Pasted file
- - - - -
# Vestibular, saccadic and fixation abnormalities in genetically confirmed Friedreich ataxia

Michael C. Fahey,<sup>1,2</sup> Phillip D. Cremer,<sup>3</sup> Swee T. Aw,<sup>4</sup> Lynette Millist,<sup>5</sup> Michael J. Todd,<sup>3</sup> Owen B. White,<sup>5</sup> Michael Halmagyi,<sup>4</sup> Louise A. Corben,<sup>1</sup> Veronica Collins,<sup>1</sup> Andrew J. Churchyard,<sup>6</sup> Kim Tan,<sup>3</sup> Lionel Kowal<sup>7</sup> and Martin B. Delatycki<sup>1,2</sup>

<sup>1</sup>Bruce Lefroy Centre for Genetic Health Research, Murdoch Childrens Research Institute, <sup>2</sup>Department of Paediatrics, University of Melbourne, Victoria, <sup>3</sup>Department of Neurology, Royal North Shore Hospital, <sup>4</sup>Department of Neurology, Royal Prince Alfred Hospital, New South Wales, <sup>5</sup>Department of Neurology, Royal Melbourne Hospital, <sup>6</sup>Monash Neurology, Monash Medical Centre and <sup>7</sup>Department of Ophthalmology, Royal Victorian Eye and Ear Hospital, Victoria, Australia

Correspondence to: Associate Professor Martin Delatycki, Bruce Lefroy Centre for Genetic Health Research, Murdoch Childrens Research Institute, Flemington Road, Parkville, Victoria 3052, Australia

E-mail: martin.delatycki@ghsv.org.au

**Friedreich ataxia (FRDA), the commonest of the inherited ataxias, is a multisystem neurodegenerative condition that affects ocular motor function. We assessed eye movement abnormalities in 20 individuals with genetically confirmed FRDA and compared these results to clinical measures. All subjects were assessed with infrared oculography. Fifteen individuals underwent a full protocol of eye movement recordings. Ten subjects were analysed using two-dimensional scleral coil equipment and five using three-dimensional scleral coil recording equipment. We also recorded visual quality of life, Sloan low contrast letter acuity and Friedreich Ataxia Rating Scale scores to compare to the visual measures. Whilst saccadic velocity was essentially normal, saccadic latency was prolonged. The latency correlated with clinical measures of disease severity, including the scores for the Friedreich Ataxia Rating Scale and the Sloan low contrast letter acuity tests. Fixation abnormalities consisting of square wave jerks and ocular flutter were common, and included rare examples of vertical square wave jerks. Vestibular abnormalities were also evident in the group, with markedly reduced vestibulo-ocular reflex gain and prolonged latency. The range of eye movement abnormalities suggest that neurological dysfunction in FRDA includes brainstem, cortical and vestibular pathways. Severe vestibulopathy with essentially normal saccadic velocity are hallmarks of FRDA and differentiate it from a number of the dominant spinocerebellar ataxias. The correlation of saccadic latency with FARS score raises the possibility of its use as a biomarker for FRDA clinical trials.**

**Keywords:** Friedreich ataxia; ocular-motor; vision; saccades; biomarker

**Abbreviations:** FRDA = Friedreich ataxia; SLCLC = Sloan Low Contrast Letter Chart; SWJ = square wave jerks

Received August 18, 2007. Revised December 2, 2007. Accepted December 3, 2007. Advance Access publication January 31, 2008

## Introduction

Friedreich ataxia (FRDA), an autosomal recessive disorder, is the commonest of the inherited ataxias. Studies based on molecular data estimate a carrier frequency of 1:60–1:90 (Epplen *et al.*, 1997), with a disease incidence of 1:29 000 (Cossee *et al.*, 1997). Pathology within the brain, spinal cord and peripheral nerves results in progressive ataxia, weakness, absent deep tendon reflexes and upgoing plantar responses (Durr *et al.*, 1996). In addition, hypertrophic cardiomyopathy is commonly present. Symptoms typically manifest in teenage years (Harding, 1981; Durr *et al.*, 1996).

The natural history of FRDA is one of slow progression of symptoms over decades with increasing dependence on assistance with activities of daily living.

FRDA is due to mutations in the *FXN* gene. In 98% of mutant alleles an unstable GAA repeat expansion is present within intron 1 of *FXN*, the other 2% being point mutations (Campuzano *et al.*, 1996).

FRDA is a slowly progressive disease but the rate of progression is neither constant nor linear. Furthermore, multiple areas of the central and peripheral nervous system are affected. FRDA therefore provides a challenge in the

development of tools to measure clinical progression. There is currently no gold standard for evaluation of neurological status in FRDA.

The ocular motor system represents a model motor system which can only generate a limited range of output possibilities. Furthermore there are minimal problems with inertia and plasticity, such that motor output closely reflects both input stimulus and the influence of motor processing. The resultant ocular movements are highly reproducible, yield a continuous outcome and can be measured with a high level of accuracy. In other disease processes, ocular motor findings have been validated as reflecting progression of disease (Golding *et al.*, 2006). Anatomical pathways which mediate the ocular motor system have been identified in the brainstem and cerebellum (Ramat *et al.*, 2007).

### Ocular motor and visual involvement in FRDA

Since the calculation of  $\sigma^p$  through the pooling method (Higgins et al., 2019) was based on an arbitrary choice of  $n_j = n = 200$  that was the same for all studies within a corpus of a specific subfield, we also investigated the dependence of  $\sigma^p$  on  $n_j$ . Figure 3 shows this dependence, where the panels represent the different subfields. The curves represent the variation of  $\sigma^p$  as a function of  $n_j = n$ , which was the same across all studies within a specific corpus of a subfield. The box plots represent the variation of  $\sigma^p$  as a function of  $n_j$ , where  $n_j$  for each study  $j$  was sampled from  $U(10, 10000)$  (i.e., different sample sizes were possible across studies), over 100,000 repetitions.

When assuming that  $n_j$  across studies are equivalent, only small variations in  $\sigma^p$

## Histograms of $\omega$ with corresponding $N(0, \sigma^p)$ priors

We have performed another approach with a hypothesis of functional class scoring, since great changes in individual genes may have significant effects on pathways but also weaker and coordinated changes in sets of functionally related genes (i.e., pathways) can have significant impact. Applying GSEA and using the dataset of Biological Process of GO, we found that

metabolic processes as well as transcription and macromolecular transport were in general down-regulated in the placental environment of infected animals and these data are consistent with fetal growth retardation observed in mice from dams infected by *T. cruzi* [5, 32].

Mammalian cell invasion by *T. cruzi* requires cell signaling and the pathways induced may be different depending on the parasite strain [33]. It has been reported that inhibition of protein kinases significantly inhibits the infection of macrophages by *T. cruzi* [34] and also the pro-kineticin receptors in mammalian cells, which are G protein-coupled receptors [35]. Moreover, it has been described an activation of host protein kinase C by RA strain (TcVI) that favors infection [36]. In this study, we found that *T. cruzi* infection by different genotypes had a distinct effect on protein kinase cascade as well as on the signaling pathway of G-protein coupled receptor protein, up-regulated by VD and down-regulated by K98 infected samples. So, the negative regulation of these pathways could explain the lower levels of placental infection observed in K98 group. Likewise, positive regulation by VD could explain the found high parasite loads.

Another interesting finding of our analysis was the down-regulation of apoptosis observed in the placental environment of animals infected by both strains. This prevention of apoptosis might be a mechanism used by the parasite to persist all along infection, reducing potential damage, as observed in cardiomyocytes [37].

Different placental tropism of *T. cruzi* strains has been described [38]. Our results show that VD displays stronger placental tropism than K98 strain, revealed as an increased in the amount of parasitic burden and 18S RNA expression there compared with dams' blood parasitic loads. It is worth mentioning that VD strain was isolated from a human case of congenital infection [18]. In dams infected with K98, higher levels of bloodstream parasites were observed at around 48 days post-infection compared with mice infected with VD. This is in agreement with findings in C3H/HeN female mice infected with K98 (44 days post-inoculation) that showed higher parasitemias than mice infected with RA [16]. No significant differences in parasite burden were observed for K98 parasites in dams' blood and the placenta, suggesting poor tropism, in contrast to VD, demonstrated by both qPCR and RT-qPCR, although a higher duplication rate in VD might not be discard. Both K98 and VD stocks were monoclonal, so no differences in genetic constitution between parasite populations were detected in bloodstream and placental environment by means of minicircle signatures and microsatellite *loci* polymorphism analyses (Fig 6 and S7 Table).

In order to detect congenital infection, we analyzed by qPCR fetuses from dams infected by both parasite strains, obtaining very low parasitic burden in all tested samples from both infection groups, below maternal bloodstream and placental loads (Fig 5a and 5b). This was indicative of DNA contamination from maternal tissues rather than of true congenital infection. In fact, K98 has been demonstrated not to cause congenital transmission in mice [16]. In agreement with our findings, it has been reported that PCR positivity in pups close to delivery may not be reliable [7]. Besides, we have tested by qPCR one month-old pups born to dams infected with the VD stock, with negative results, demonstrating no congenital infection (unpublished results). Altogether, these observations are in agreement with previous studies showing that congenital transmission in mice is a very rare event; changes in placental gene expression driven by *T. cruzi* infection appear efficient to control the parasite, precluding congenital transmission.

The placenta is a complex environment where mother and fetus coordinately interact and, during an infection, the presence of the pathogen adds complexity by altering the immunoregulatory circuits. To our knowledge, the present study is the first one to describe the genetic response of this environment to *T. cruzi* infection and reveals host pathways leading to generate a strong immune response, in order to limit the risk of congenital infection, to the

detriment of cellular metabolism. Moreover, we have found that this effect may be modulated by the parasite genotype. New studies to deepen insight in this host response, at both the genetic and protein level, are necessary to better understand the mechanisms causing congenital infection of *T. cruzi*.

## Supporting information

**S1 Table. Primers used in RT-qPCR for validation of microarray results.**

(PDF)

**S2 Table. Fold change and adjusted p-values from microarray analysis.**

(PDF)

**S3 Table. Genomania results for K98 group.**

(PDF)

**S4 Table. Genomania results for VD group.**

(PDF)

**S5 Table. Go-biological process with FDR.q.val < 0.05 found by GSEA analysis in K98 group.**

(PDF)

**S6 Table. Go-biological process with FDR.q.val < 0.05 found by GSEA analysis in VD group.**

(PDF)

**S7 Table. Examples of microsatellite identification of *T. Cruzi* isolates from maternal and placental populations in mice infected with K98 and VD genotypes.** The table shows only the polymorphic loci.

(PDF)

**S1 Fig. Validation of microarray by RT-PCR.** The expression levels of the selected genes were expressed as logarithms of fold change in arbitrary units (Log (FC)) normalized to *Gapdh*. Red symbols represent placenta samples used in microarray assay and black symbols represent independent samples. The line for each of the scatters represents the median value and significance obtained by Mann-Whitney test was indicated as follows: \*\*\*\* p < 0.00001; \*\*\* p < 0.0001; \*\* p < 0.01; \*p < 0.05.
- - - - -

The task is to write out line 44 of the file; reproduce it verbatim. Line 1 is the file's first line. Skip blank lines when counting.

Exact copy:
**S1 Fig. Validation of microarray by RT-PCR.** The expression levels of the selected genes were expressed as logarithms of fold change in arbitrary units (Log (FC)) normalized to *Gapdh*. Red symbols represent placenta samples used in microarray assay and black symbols represent independent samples. The line for each of the scatters represents the median value and significance obtained by Mann-Whitney test was indicated as follows: \*\*\*\* p < 0.00001; \*\*\* p < 0.0001; \*\* p < 0.01; \*p < 0.05.